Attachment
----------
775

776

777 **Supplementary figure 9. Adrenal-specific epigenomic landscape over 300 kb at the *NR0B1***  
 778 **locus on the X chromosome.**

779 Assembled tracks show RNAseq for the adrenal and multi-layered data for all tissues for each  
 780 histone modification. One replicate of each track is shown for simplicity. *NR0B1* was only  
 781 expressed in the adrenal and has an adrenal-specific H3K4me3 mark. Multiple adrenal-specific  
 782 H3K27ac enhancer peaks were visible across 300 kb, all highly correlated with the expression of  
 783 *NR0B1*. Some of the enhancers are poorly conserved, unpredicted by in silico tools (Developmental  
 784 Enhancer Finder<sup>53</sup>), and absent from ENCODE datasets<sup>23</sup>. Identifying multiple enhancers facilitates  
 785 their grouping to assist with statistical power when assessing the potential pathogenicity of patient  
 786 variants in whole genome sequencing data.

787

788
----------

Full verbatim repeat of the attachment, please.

775

776

777 **Supplementary figure 9. Adrenal-specific epigenomic landscape over 300 kb at the *NR0B1***  
 778 **locus on the X chromosome.**

779 Assembled tracks show RNAseq for the adrenal and multi-layered data for all tissues for each  
 780 histone modification. One replicate of each track is shown for simplicity. *NR0B1* was only  
 781 expressed in the adrenal and has an adrenal-specific H3K4me3 mark. Multiple adrenal-specific  
 782 H3K27ac enhancer peaks were visible across 300 kb, all highly correlated with the expression of  
 783 *NR0B1*. Some of the enhancers are poorly conserved, unpredicted by in silico tools (Developmental  
 784 Enhancer Finder<sup>53</sup>), and absent from ENCODE datasets<sup>23</sup>. Identifying multiple enhancers facilitates  
 785 their grouping to assist with statistical power when assessing the potential pathogenicity of patient  
 786 variants in whole genome sequencing data.

787

788